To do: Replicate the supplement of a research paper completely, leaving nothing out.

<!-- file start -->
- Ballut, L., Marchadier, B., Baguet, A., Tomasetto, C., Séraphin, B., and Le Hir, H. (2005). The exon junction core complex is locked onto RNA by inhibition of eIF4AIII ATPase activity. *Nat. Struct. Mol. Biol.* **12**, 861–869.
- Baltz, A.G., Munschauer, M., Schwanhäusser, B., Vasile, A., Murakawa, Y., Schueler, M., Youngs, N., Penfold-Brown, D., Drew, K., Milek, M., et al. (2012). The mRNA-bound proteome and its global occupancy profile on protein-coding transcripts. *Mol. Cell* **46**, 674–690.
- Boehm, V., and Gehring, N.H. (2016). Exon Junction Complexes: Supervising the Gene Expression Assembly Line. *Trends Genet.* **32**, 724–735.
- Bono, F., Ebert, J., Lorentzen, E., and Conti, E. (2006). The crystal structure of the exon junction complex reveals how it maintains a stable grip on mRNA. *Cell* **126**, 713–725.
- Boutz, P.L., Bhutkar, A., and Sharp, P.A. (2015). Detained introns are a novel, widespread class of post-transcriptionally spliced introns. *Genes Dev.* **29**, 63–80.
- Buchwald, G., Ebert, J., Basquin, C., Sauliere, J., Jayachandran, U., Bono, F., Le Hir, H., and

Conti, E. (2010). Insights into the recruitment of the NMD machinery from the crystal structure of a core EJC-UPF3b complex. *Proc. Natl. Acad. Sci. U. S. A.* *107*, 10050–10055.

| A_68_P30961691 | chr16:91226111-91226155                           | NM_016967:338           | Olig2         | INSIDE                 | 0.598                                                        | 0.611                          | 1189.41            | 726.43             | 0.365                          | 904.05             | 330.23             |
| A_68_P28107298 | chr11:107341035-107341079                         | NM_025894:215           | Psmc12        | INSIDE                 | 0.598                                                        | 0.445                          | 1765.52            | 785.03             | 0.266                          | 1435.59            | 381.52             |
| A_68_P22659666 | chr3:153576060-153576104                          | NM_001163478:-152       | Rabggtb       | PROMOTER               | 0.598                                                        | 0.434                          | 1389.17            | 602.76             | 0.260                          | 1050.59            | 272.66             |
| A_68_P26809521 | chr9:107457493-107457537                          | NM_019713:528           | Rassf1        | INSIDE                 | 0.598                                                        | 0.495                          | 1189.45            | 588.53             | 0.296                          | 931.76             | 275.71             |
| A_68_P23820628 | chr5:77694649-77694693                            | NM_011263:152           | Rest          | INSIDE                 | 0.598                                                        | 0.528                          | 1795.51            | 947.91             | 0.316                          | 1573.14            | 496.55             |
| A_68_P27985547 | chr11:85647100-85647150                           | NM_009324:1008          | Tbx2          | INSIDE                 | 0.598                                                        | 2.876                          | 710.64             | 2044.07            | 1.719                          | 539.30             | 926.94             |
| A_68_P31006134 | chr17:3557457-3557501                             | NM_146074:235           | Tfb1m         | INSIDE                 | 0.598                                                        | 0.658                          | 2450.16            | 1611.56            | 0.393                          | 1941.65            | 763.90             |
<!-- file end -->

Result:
- Ballut, L., Marchadier, B., Baguet, A., Tomasetto, C., Séraphin, B., and Le Hir, H. (2005). The exon junction core complex is locked onto RNA by inhibition of eIF4AIII ATPase activity. *Nat. Struct. Mol. Biol.* **12**, 861–869.
- Baltz, A.G., Munschauer, M., Schwanhäusser, B., Vasile, A., Murakawa, Y., Schueler, M., Youngs, N., Penfold-Brown, D., Drew, K., Milek, M., et al. (2012). The mRNA-bound proteome and its global occupancy profile on protein-coding transcripts. *Mol. Cell* **46**, 674–690.
- Boehm, V., and Gehring, N.H. (2016). Exon Junction Complexes: Supervising the Gene Expression Assembly Line. *Trends Genet.* **32**, 724–735.
- Bono, F., Ebert, J., Lorentzen, E., and Conti, E. (2006). The crystal structure of the exon junction complex reveals how it maintains a stable grip on mRNA. *Cell* **126**, 713–725.
- Boutz, P.L., Bhutkar, A., and Sharp, P.A. (2015). Detained introns are a novel, widespread class of post-transcriptionally spliced introns. *Genes Dev.* **29**, 63–80.
- Buchwald, G., Ebert, J., Basquin, C., Sauliere, J., Jayachandran, U., Bono, F., Le Hir, H., and

Conti, E. (2010). Insights into the recruitment of the NMD machinery from the crystal structure of a core EJC-UPF3b complex. *Proc. Natl. Acad. Sci. U. S. A.* *107*, 10050–10055.

| A_68_P30961691 | chr16:91226111-91226155                           | NM_016967:338           | Olig2         | INSIDE                 | 0.598                                                        | 0.611                          | 1189.41            | 726.43             | 0.365                          | 904.05             | 330.23             |
| A_68_P28107298 | chr11:107341035-107341079                         | NM_025894:215           | Psmc12        | INSIDE                 | 0.598                                                        | 0.445                          | 1765.52            | 785.03             | 0.266                          | 1435.59            | 381.52             |
| A_68_P22659666 | chr3:153576060-153576104                          | NM_001163478:-152       | Rabggtb       | PROMOTER               | 0.598                                                        | 0.434                          | 1389.17            | 602.76             | 0.260                          | 1050.59            | 272.66             |
| A_68_P26809521 | chr9:107457493-107457537                          | NM_019713:528           | Rassf1        | INSIDE                 | 0.598                                                        | 0.495                          | 1189.45            | 588.53             | 0.296                          | 931.76             | 275.71             |
| A_68_P23820628 | chr5:77694649-77694693                            | NM_011263:152           | Rest          | INSIDE                 | 0.598                                                        | 0.528                          | 1795.51            | 947.91             | 0.316                          | 1573.14            | 496.55             |
| A_68_P27985547 | chr11:85647100-85647150                           | NM_009324:1008          | Tbx2          | INSIDE                 | 0.598                                                        | 2.876                          | 710.64             | 2044.07            | 1.719                          | 539.30             | 926.94             |
| A_68_P31006134 | chr17:3557457-3557501                             | NM_146074:235           | Tfb1m         | INSIDE                 | 0.598                                                        | 0.658                          | 2450.16            | 1611.56            | 0.393                          | 1941.65            | 763.90             |